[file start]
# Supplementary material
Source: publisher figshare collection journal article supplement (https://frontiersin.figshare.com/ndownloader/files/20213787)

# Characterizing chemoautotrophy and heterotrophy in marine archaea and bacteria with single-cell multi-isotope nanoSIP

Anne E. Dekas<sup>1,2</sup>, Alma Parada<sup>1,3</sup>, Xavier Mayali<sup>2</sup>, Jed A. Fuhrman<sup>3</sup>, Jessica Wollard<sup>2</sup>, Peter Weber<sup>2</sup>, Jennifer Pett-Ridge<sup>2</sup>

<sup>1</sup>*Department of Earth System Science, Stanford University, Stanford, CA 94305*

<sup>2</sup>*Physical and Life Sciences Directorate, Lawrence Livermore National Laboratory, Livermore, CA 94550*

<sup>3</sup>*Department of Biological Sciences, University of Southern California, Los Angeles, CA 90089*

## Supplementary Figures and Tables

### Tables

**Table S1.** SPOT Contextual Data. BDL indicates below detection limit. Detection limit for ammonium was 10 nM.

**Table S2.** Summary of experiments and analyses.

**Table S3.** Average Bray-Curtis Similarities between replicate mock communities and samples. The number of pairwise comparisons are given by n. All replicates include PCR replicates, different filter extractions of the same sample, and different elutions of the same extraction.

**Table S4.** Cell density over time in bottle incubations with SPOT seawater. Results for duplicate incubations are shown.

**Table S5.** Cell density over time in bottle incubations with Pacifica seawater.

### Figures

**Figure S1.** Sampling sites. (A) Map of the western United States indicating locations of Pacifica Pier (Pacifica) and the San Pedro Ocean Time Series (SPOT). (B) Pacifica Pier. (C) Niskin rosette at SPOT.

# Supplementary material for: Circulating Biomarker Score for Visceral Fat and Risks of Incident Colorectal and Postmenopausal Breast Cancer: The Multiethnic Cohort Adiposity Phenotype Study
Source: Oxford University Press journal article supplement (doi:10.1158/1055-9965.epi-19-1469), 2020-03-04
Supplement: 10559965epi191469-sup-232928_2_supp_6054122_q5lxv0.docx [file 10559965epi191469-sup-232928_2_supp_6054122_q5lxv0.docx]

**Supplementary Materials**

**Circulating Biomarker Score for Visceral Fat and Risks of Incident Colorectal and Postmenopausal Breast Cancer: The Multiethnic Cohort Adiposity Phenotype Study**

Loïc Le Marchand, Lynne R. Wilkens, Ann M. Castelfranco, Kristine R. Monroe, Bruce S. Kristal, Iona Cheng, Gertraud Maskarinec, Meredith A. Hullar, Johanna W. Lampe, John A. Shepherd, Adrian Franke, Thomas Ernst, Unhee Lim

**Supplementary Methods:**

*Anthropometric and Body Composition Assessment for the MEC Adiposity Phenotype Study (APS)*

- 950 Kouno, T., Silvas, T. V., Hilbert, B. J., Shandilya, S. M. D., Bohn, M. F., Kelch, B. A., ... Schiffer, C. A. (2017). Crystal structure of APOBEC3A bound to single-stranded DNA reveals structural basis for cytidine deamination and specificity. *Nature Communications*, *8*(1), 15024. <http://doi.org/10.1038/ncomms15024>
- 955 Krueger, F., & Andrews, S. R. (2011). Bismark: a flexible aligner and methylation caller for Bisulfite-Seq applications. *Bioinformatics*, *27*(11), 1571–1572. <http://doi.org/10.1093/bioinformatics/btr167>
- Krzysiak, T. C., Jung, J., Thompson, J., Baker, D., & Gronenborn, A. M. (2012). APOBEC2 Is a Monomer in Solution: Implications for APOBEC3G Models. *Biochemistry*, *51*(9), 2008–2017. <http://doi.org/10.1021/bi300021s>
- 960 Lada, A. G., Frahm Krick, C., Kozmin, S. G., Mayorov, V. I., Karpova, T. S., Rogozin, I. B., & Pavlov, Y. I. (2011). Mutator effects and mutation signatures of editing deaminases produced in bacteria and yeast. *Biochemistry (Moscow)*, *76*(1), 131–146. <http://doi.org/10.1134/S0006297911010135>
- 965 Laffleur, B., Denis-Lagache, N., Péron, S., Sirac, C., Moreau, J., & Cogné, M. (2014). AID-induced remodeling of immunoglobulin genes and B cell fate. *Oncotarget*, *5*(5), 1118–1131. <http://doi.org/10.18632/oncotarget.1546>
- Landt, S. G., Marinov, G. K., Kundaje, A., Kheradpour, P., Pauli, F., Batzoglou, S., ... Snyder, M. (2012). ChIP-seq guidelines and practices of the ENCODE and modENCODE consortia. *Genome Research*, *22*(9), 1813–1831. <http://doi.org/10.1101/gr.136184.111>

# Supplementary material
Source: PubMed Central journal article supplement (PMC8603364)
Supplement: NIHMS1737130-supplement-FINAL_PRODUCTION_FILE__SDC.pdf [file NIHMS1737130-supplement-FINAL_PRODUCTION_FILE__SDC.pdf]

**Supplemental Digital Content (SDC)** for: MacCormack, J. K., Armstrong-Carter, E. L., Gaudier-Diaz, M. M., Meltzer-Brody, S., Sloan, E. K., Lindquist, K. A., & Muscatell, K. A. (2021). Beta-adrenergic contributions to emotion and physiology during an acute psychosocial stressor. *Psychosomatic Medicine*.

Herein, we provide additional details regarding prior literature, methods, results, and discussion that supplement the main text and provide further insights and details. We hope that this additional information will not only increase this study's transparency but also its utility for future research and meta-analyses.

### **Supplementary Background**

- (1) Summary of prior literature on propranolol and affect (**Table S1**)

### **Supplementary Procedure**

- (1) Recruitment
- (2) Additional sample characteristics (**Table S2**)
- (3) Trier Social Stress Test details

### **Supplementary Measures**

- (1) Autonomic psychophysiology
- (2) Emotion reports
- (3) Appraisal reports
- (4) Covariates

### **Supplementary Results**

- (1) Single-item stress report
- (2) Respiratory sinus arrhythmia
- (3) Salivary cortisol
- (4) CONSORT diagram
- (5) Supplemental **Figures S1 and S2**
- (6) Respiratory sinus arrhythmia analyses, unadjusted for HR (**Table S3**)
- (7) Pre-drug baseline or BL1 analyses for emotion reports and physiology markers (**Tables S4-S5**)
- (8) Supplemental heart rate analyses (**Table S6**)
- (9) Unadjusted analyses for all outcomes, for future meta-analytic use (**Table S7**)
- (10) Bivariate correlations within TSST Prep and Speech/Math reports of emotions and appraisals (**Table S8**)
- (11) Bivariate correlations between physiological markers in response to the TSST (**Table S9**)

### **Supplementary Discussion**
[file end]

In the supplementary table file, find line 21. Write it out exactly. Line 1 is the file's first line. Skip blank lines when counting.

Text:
**Circulating Biomarker Score for Visceral Fat and Risks of Incident Colorectal and Postmenopausal Breast Cancer: The Multiethnic Cohort Adiposity Phenotype Study**